News - Dragonhealers

Dragonhealers are NOT an official craft or even IC term, and hold no rank or title on our game. Those who learn the specific advanced skills for handling and healing of injured dragons area select handful within each Weyr.

As weyrlings, all riders the basics of care of their dragon. This includes the basic anatomy of their dragon, proper feeding, bathing and oiling, and how to handle the common minor injuries. Minor injuries include dealing with things like broken or cracked talons, scrapes, bruises, sore muscles, tooth loss, constipation, or other such minor irritants. Weyrlings are also taught when to recognize that it may be something more serious and to get checked out by someone more knowledgeable.

At all times during daylight hours, and on call during the night, one of those who has learned advanced skills for handling and healing of dragon specific issues is on watch in the infirmary. All goldriders learn such advanced handling and healing of dragons due to the nature of Gold's being a dominant dragon who can 'control' any of the other colors. Those found using this authority for any reason beyond need to treat an injury are severely punished. Former healer apprentices who impress are also common among those who learn the advanced techniques, as they already have some healing basics under their belt. Non-rider healer Masters, and very experienced Journeyman (over age 40) may also choose to learn these techniques. Until the approach of the pass the learning of this information was limited to the individuals above, however in consideration to the likelihood of frequent injuries due to threadfall, any rider with more two turns as partnered will also be considered upon request. All those trained in healing dragons are also trained in human first aid and as the pass approaches, most weyrfolk are trained in first aid for both dragons and humans.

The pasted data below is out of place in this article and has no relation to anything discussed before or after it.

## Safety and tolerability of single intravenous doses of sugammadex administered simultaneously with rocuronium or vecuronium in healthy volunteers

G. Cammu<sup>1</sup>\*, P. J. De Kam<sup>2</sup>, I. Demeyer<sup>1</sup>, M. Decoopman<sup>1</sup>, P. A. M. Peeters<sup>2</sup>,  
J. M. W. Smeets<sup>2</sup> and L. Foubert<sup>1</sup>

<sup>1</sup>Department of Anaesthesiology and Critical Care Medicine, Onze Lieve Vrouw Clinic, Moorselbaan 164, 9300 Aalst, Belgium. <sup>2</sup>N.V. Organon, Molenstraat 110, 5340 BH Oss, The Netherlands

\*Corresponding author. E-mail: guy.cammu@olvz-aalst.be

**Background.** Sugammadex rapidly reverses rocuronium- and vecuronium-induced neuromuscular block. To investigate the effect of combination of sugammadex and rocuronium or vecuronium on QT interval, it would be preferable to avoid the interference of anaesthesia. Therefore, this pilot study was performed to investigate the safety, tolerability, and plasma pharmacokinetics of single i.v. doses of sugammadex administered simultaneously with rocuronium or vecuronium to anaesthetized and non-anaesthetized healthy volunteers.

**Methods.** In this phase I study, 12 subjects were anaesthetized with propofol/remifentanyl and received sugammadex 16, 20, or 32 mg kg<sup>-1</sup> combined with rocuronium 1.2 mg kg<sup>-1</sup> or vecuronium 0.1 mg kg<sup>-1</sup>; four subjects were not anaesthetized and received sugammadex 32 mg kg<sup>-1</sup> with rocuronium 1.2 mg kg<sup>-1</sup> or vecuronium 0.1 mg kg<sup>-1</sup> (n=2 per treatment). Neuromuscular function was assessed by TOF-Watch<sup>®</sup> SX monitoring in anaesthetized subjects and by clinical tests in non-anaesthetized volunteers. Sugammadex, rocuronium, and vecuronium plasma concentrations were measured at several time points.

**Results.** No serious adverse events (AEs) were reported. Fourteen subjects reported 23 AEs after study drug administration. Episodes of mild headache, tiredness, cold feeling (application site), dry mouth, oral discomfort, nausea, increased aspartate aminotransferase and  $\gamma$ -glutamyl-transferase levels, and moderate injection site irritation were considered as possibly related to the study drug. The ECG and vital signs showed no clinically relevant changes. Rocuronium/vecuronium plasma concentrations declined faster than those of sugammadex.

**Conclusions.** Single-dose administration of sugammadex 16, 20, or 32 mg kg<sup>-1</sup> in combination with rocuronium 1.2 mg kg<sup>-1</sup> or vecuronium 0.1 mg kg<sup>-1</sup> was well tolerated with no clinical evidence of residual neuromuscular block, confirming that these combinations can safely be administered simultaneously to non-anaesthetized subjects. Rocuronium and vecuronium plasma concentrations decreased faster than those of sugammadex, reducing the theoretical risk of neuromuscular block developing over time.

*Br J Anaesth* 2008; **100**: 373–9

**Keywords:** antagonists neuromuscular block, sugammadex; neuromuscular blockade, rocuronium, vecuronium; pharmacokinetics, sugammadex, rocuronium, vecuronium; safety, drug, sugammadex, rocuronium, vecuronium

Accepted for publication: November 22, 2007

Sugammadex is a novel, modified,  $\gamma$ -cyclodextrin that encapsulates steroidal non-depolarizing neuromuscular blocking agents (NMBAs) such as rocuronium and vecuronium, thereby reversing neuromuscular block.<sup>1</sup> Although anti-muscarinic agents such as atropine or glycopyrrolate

Knowledge is passed down primarily through oral teaching from the more experienced to the less experienced. Those who are newly learning generally receive instruction for one or two hours each month, while those with experience keep refreshed by their shifts in the infirmary (no more than once every two sevendays for riders). Advanced knowledge and techniques include suturing deep cuts, setting bone fractures, blood transfusions, medicating dragons, and as the pass unfolds, severe threadfall injuries. After initial treatment, most riders are given specific instruction and tend their own dragons, with regular follow-ups by trained healers.

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